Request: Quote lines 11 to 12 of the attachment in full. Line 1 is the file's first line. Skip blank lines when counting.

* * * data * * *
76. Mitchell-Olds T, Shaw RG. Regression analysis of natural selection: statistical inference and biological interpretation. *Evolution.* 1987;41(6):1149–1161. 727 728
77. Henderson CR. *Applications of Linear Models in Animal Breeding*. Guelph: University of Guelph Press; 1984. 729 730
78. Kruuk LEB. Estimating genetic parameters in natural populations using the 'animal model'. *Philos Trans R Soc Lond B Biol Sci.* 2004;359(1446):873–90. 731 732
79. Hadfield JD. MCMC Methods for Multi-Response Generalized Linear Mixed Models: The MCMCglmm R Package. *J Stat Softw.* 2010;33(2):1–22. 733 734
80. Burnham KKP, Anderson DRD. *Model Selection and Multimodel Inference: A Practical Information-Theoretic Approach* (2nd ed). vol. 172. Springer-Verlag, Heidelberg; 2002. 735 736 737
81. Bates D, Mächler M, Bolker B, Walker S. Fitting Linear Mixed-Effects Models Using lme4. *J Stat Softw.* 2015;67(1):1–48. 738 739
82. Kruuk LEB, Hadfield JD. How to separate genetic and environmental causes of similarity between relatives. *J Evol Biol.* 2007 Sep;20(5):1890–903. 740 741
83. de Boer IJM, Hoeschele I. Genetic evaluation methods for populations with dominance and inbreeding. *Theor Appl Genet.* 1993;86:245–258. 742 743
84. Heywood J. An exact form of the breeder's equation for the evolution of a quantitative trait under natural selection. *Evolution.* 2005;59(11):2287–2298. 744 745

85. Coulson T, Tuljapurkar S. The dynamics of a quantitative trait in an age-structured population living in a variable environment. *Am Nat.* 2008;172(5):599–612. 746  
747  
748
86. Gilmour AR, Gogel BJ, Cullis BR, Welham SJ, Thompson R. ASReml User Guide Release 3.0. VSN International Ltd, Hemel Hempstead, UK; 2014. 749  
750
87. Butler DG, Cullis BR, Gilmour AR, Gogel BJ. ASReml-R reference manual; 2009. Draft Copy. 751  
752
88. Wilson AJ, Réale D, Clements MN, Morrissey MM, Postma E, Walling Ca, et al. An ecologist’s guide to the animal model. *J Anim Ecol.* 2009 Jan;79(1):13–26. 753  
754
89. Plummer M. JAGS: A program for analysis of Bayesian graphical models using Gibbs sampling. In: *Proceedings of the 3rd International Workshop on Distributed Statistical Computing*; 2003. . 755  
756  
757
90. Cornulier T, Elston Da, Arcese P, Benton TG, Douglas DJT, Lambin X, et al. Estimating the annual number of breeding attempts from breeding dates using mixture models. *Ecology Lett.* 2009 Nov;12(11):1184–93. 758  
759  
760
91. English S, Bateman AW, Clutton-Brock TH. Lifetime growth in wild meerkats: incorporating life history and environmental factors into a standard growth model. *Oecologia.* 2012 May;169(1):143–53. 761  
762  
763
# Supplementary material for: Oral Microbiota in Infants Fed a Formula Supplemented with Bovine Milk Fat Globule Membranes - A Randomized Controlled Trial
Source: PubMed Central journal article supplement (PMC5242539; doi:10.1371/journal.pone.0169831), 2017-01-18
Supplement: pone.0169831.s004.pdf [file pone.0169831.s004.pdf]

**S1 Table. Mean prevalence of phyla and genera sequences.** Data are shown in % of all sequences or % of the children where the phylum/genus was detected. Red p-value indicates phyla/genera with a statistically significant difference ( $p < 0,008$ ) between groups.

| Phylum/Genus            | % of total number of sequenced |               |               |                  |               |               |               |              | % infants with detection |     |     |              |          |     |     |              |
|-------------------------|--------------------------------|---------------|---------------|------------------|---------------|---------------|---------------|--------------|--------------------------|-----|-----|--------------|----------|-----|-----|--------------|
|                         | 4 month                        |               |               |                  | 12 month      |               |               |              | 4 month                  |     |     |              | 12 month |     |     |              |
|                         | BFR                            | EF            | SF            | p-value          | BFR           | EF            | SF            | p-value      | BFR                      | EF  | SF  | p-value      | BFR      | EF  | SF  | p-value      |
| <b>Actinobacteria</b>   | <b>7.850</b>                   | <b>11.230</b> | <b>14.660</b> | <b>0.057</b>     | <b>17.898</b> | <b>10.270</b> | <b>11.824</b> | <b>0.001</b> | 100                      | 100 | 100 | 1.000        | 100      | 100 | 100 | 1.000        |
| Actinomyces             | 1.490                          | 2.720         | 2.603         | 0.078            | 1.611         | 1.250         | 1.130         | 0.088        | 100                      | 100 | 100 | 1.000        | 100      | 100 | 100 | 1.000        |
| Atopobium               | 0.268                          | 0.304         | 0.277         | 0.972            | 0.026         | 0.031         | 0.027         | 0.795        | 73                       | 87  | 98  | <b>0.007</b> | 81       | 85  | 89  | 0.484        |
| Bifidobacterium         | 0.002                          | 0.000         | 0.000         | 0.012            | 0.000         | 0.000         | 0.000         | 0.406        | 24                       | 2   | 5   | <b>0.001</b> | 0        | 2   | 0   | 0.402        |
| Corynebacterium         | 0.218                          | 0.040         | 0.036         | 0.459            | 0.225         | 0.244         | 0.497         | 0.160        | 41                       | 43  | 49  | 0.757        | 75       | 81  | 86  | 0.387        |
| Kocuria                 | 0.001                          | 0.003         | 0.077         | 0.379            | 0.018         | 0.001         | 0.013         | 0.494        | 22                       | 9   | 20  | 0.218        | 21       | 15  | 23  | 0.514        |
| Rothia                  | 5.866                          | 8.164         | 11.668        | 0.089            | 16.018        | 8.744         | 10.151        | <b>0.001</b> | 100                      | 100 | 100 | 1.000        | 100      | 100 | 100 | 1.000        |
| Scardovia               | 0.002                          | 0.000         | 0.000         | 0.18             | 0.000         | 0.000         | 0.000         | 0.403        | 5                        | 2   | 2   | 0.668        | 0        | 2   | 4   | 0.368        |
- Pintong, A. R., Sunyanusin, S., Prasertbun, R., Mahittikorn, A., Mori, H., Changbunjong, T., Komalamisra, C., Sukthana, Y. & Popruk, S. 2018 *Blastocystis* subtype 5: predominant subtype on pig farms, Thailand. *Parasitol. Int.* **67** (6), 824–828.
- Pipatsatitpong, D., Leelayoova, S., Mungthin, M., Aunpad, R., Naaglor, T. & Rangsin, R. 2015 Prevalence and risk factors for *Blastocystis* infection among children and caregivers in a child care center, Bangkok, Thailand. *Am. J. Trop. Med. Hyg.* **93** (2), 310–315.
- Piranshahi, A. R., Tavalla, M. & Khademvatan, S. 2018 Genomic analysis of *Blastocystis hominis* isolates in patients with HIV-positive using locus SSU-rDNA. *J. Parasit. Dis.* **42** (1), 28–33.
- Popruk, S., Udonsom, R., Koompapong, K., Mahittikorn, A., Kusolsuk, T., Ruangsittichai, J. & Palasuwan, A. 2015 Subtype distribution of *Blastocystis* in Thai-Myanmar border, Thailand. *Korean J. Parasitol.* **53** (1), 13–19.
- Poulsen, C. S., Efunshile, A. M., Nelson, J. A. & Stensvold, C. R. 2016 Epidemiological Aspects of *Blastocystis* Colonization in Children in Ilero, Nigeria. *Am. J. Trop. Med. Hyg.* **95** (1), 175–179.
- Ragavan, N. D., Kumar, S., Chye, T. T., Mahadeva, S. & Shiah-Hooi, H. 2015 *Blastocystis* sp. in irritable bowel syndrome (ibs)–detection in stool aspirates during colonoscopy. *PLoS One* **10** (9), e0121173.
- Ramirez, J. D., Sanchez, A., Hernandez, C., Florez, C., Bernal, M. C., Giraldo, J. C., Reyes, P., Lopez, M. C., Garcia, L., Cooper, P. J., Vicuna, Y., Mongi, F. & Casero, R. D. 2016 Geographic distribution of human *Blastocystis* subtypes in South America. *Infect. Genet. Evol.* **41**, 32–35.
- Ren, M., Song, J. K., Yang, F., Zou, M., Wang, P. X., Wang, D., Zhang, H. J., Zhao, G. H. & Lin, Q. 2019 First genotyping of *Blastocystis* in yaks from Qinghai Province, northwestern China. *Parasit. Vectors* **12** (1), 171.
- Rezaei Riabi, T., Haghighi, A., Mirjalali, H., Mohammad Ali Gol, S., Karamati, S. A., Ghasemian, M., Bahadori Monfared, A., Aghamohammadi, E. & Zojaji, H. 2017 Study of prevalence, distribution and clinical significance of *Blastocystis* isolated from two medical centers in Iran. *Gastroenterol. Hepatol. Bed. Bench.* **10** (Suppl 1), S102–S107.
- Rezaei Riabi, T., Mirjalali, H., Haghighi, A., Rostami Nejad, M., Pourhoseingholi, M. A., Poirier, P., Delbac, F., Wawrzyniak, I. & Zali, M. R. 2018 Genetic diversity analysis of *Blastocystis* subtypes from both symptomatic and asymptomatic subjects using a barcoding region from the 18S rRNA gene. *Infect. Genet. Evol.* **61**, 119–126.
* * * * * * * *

747  
748